Anglican Church won't talk about role in controversial campground development
The Department of Environment says a walking trail built in violation of the Clean Environment Act on Health Minister Victor Boudreau's proposed mega campsite in Shediac will be inspected as soon as the weather permits.
The landowner, the Anglican Parish of Shediac, had started building the first section of the trail with an expired watercourse and wetland alteration permit back in 2015.
A stop work order was issued and the church applied for a new permit before resuming the project.
But now a second section of the trail, that sits in the middle of several waterways that drain into a wetland, has gone up without so much as a permit application — a mistake, according to the province.
"The Anglican Parish did not apply for a WAWA permit for the T2 segment as they were informed by our department that they would not require one," said Marc André Chiasson, communications officer for the Department of Environment. "Which was an error on the part of the department."
The admission came after repeated questions from Pointe-du-Chêne residents, who argue the trail should have never been built there in the first place. The new section of the trail connects Pointe-du-Chêne Road, just next to the estuary, to Parlee Beach Road.
"This parcel of land is a wetland," said Arthur Melanson, who lives near Pointe-du-Chêne. "The vegetation that's there is vegetation that grows into wetlands. And also there's standing water in there throughout the whole year."
Wetland "sponge" against beach contamination
Residents say that if the church had asked for a permit, an inspector from the Department of Environment would have surveyed the site and likely would have recommended the trail be built further inland, or kept in its current location, almost half way between the estuary and Main Street, carving away some of the space available for campsites.
Now, Melanson worries about destruction to the existing wetland.
"It basically serves as a sponge for holding water, and keeping water from going into the estuary, that eventually is going to go into the Bay of Shediac, onto Parlee Beach," said Melanson.
Boudreau, who is also the MLA for Shediac–Cap-Pelé, put his stake in the project, Camping Shediac, in a blind trust when he became a cabinet minister in 2014.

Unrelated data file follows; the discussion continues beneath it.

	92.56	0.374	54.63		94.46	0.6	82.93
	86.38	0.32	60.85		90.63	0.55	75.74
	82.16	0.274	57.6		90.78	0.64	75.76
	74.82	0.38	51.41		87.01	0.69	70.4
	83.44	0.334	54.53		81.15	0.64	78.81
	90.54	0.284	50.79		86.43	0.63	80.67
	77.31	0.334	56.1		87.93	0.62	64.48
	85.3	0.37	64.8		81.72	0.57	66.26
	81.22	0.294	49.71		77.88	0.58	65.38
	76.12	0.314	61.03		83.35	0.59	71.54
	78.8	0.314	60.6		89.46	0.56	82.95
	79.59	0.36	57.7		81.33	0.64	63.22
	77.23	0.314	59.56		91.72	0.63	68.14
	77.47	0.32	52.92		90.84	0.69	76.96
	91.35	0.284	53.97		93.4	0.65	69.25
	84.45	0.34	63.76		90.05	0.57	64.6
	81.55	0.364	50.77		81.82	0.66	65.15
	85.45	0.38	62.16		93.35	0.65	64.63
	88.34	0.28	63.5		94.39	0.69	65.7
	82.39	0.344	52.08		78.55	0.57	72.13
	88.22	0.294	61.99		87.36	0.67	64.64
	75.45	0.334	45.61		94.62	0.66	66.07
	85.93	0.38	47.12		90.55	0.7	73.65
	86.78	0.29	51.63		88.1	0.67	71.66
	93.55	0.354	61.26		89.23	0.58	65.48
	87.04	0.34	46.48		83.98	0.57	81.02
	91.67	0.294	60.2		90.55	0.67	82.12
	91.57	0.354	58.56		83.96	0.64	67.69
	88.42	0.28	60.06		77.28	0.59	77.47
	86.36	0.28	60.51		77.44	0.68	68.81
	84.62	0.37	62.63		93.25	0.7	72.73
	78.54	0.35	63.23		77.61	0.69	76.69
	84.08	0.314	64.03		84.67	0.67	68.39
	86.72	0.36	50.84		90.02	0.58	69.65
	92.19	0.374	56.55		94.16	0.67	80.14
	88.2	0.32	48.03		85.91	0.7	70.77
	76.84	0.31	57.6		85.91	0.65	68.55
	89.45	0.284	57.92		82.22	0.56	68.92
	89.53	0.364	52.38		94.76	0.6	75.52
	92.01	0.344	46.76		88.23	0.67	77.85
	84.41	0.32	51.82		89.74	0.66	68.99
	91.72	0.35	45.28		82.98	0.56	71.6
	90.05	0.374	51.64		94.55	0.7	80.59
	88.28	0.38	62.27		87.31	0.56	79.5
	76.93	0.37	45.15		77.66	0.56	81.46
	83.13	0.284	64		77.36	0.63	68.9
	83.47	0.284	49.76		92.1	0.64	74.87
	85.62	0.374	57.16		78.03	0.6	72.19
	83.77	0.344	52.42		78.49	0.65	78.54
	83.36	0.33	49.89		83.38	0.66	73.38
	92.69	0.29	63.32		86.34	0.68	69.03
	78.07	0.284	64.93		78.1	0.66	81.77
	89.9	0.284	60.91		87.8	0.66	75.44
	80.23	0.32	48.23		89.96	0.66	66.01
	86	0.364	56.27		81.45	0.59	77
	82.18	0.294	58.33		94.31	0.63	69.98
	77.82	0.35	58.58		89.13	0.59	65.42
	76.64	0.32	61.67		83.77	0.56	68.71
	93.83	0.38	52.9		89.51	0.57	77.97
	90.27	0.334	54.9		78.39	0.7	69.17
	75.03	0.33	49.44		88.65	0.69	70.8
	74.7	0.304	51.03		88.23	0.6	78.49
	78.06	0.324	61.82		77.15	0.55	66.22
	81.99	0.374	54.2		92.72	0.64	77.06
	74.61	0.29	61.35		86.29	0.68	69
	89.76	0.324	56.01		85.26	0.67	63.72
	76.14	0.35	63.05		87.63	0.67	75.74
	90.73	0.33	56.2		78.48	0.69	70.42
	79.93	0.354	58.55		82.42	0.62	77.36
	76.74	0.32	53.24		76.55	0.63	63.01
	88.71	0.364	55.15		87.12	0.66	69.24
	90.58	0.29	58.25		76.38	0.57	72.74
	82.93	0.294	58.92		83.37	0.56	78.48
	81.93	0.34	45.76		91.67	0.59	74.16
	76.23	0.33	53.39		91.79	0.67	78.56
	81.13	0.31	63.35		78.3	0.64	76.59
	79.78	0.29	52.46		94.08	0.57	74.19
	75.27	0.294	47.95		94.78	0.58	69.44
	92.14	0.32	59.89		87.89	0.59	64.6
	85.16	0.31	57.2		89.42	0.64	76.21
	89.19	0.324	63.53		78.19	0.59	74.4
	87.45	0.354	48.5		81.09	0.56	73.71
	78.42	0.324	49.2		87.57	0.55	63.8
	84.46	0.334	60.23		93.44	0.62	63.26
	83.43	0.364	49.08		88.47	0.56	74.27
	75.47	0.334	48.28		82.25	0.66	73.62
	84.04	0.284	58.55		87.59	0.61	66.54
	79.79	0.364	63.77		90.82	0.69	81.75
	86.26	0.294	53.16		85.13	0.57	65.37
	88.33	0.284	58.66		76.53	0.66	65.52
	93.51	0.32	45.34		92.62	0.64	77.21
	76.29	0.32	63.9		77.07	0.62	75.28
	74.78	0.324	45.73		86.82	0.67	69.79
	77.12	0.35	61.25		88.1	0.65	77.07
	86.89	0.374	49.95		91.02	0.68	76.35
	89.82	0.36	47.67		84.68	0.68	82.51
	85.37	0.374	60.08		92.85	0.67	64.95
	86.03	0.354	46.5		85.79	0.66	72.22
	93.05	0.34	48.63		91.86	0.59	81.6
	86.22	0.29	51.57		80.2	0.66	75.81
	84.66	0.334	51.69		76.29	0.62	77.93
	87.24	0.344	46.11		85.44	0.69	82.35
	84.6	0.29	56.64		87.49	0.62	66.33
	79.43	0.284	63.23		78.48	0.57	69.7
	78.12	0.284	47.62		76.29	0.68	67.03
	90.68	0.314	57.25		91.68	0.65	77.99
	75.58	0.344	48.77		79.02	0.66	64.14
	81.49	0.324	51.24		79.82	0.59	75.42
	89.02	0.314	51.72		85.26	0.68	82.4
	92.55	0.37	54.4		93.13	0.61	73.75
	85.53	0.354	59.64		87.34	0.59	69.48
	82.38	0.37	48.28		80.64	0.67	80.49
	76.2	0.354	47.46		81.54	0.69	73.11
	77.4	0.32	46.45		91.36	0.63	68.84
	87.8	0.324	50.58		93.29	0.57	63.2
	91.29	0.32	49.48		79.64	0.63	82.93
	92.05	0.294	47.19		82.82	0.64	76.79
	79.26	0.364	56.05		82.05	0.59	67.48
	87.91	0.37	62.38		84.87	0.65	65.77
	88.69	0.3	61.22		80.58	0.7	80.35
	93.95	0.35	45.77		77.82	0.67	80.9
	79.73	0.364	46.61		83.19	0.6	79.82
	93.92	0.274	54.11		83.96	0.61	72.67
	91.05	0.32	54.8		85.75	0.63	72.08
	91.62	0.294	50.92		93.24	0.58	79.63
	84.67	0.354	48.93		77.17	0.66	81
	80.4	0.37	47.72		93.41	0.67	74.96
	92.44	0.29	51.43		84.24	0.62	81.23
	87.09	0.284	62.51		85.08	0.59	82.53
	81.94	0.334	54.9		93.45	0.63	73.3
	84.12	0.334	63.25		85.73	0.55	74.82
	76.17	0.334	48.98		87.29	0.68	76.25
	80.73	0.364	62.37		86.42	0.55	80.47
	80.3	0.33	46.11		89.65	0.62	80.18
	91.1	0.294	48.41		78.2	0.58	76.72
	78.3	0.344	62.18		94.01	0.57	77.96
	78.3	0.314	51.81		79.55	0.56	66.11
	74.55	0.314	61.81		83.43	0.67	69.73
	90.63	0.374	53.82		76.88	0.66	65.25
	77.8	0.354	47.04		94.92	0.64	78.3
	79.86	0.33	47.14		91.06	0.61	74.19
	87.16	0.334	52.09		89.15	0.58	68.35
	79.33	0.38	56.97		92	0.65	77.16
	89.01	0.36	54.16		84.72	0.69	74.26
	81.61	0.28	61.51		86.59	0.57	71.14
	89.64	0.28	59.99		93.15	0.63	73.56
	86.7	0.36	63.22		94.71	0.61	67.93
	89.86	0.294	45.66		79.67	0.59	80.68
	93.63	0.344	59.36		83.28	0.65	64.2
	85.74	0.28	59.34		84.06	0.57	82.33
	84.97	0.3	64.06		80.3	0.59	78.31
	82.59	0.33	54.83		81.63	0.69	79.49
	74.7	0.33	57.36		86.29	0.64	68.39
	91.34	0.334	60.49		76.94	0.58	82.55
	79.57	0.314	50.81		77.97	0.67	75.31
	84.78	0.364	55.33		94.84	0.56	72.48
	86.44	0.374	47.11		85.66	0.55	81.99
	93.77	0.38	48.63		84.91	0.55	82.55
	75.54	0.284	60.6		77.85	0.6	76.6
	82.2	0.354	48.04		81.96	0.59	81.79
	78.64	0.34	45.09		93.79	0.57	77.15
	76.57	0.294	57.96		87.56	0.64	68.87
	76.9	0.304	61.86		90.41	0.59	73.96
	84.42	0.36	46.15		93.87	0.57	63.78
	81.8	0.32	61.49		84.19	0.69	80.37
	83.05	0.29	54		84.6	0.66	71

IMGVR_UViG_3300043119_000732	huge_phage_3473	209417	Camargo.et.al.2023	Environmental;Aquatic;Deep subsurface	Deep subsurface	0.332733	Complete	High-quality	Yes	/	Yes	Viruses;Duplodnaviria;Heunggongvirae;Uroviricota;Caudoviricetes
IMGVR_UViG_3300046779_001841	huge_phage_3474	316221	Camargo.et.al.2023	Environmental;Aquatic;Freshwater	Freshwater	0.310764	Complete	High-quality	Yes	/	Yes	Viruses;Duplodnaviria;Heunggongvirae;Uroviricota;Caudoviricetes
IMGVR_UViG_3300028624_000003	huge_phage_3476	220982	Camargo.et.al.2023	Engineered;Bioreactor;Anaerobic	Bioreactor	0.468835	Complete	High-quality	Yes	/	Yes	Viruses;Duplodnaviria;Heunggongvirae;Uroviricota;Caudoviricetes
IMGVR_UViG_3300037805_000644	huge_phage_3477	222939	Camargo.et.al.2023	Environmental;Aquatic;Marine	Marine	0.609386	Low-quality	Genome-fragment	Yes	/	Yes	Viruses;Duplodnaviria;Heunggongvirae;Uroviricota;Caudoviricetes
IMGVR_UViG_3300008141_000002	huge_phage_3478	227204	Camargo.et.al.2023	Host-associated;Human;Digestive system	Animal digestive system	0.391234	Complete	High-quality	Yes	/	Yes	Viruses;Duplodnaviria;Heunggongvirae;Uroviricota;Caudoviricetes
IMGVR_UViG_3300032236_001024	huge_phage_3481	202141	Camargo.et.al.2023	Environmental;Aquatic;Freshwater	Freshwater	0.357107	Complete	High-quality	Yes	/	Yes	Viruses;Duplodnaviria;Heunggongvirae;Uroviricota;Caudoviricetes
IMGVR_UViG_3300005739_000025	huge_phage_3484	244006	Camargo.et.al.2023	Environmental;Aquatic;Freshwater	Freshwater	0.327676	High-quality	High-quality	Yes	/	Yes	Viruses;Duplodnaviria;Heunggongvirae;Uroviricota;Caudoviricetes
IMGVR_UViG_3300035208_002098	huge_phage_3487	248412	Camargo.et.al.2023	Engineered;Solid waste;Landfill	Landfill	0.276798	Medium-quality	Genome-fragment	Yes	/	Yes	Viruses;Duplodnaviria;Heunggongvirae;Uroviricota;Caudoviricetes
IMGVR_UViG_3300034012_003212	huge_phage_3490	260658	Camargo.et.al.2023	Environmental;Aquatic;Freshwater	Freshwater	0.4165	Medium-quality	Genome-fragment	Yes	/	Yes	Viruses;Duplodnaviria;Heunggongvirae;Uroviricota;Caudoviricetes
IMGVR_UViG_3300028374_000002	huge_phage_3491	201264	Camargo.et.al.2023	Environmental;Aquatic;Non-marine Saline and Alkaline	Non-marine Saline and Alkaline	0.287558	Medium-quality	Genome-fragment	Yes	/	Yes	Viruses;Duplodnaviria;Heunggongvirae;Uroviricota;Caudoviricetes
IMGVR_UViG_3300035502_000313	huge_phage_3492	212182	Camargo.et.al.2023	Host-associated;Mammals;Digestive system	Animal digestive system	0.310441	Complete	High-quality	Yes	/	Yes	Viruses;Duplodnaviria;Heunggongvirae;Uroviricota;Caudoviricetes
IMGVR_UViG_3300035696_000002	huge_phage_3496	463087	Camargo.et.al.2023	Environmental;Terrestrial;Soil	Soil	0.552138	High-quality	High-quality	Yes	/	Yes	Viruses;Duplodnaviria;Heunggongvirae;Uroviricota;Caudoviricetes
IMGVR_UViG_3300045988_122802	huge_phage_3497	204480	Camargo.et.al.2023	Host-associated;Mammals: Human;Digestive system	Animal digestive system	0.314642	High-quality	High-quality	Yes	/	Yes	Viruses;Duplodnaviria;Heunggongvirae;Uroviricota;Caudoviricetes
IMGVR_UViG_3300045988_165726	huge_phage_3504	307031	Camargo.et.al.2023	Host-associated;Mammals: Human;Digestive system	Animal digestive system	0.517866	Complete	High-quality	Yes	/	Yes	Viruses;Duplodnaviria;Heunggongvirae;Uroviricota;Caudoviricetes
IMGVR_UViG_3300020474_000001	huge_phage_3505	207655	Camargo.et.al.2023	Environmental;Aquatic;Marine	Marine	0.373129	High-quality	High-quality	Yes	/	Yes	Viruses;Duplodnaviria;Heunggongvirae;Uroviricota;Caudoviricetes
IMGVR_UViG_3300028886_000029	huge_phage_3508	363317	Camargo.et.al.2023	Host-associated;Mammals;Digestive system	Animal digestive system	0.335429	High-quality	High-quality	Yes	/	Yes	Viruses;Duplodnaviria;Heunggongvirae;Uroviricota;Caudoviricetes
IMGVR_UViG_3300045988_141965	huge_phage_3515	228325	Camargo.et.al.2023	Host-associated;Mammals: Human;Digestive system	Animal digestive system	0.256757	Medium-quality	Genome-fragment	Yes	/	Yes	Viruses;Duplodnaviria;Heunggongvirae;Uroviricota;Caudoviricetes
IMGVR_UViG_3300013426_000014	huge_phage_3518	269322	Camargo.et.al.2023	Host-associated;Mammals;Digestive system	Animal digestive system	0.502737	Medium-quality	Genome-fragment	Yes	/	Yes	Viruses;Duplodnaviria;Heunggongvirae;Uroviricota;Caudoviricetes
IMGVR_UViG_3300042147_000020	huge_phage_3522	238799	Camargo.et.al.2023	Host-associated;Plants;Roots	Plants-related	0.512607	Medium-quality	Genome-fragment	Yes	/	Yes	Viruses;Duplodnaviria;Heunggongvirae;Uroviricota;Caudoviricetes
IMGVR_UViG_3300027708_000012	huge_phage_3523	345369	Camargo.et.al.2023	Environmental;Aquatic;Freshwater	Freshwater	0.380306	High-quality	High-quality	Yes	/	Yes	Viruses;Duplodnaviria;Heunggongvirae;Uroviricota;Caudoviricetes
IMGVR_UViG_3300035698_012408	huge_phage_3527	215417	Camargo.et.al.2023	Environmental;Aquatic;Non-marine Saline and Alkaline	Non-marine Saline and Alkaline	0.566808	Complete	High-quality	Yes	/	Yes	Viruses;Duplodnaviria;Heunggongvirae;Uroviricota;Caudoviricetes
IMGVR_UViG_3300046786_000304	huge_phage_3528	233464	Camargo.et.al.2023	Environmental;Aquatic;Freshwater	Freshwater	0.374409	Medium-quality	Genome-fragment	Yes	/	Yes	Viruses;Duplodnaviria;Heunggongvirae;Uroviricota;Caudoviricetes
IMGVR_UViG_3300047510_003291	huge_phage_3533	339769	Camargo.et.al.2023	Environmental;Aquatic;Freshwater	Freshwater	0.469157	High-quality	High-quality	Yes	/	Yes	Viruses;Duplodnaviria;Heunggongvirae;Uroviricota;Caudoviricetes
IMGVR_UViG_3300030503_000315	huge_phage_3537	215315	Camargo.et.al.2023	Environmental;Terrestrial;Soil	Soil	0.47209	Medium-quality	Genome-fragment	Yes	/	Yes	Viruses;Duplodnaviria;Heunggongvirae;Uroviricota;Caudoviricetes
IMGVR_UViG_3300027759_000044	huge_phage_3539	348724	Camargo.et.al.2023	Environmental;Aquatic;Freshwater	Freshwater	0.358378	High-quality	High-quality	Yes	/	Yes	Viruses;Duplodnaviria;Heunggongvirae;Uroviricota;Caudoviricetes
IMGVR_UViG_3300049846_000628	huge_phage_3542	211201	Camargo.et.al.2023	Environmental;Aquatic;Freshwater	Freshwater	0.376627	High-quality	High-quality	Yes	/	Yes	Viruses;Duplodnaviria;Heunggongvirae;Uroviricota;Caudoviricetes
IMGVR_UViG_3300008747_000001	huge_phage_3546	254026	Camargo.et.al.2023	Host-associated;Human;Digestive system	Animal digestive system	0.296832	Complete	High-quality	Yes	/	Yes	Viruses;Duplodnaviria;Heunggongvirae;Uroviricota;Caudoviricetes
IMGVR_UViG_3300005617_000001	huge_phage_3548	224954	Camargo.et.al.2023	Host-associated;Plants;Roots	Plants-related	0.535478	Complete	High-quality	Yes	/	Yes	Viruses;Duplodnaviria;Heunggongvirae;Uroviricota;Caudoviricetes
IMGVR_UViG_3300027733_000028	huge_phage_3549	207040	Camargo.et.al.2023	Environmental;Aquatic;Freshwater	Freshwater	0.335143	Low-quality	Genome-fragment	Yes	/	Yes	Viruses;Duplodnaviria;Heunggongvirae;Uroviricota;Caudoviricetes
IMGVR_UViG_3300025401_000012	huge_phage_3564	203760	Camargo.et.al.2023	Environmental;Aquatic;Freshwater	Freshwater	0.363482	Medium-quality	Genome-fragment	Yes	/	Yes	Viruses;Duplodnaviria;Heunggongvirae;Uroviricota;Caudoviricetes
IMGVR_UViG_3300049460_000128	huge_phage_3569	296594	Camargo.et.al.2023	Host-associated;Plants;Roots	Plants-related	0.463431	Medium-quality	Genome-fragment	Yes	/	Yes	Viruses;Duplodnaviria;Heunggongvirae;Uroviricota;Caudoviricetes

But before that, while he was leader of the opposition, he informed the Department of Environment of his intention to relocate the walking trail on the edge of the campground to connect it to Parlee Beach.
That information is in correspondence obtained by residents through a right to information request and shared with CBC.
'How many more mistakes are they going to be doing?'
When Melanson asked why no permit was required for the work, the province told him it was because the waterway shown on the map didn't exist anymore.
The department told him it had been diverted into the Shediac storm sewer system.
But when Melanson pointed out that information didn't seem right and that the stream was, in fact, still there, the department admitted the error.
"When they get pushed against the wall, they come out and they say 'Oh really yes, we made a mistake.' Well how many more mistakes are they going to be doing?" said Melanson.
"We're not being told the full story," he said.
Meanwhile the province says it will take a look at the trail as soon as possible this spring.
"If it is found that remedial actions are required as a result of this inspection, the Anglican Parish will be directed to carry out the remediation within an appropriate time frame and we will ensure that there are no negative impacts to the wetland," said Chiasson.
But given what's happened until now, that's little comfort to residents like Melanson.
"What does that mean?" said Melanson. "Just put a rubber stamp on it and let it go?"
The land administrator for the Anglican Parish, William Murray, did not return a request for comment.